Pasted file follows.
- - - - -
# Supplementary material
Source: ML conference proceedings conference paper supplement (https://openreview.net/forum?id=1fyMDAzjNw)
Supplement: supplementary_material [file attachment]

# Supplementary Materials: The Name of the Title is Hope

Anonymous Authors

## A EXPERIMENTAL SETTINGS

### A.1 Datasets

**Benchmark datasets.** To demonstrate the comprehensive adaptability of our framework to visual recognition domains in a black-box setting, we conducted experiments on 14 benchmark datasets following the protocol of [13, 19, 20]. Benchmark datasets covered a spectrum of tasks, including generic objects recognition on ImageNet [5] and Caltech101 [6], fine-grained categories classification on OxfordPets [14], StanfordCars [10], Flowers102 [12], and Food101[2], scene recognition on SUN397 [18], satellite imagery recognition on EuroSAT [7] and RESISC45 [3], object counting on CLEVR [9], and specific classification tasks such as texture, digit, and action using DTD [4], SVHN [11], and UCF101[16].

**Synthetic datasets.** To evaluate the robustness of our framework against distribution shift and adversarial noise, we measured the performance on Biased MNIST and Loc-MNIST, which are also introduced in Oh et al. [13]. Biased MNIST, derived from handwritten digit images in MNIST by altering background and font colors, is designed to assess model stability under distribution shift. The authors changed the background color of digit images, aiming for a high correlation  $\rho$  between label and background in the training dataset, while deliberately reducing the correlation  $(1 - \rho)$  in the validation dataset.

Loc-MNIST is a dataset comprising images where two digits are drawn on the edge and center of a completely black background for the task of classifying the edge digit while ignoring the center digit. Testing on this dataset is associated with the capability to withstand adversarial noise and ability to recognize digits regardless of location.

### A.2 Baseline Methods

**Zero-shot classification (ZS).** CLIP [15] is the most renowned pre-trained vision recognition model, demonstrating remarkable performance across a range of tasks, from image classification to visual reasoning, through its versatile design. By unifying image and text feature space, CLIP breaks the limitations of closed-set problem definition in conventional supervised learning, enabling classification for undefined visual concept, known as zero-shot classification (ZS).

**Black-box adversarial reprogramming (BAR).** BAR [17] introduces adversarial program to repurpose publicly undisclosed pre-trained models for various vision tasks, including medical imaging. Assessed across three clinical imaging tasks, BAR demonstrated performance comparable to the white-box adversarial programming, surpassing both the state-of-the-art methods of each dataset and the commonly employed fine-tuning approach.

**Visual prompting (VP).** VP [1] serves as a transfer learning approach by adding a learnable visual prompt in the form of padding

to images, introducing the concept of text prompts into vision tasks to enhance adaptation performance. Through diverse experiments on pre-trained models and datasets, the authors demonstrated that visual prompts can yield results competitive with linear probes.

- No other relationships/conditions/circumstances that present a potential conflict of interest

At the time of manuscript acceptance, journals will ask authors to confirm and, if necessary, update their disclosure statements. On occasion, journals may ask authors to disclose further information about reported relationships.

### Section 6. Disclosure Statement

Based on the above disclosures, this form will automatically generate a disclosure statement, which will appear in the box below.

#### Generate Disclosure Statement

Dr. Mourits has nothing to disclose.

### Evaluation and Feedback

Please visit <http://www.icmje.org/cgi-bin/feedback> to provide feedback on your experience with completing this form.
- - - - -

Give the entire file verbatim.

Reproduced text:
# Supplementary material
Source: ML conference proceedings conference paper supplement (https://openreview.net/forum?id=1fyMDAzjNw)
Supplement: supplementary_material [file attachment]

# Supplementary Materials: The Name of the Title is Hope

Anonymous Authors

## A EXPERIMENTAL SETTINGS

### A.1 Datasets

**Benchmark datasets.** To demonstrate the comprehensive adaptability of our framework to visual recognition domains in a black-box setting, we conducted experiments on 14 benchmark datasets following the protocol of [13, 19, 20]. Benchmark datasets covered a spectrum of tasks, including generic objects recognition on ImageNet [5] and Caltech101 [6], fine-grained categories classification on OxfordPets [14], StanfordCars [10], Flowers102 [12], and Food101[2], scene recognition on SUN397 [18], satellite imagery recognition on EuroSAT [7] and RESISC45 [3], object counting on CLEVR [9], and specific classification tasks such as texture, digit, and action using DTD [4], SVHN [11], and UCF101[16].

**Synthetic datasets.** To evaluate the robustness of our framework against distribution shift and adversarial noise, we measured the performance on Biased MNIST and Loc-MNIST, which are also introduced in Oh et al. [13]. Biased MNIST, derived from handwritten digit images in MNIST by altering background and font colors, is designed to assess model stability under distribution shift. The authors changed the background color of digit images, aiming for a high correlation  $\rho$  between label and background in the training dataset, while deliberately reducing the correlation  $(1 - \rho)$  in the validation dataset.

Loc-MNIST is a dataset comprising images where two digits are drawn on the edge and center of a completely black background for the task of classifying the edge digit while ignoring the center digit. Testing on this dataset is associated with the capability to withstand adversarial noise and ability to recognize digits regardless of location.

### A.2 Baseline Methods

**Zero-shot classification (ZS).** CLIP [15] is the most renowned pre-trained vision recognition model, demonstrating remarkable performance across a range of tasks, from image classification to visual reasoning, through its versatile design. By unifying image and text feature space, CLIP breaks the limitations of closed-set problem definition in conventional supervised learning, enabling classification for undefined visual concept, known as zero-shot classification (ZS).

**Black-box adversarial reprogramming (BAR).** BAR [17] introduces adversarial program to repurpose publicly undisclosed pre-trained models for various vision tasks, including medical imaging. Assessed across three clinical imaging tasks, BAR demonstrated performance comparable to the white-box adversarial programming, surpassing both the state-of-the-art methods of each dataset and the commonly employed fine-tuning approach.

**Visual prompting (VP).** VP [1] serves as a transfer learning approach by adding a learnable visual prompt in the form of padding

to images, introducing the concept of text prompts into vision tasks to enhance adaptation performance. Through diverse experiments on pre-trained models and datasets, the authors demonstrated that visual prompts can yield results competitive with linear probes.

- No other relationships/conditions/circumstances that present a potential conflict of interest

At the time of manuscript acceptance, journals will ask authors to confirm and, if necessary, update their disclosure statements. On occasion, journals may ask authors to disclose further information about reported relationships.

### Section 6. Disclosure Statement

Based on the above disclosures, this form will automatically generate a disclosure statement, which will appear in the box below.

#### Generate Disclosure Statement

Dr. Mourits has nothing to disclose.

### Evaluation and Feedback

Please visit <http://www.icmje.org/cgi-bin/feedback> to provide feedback on your experience with completing this form.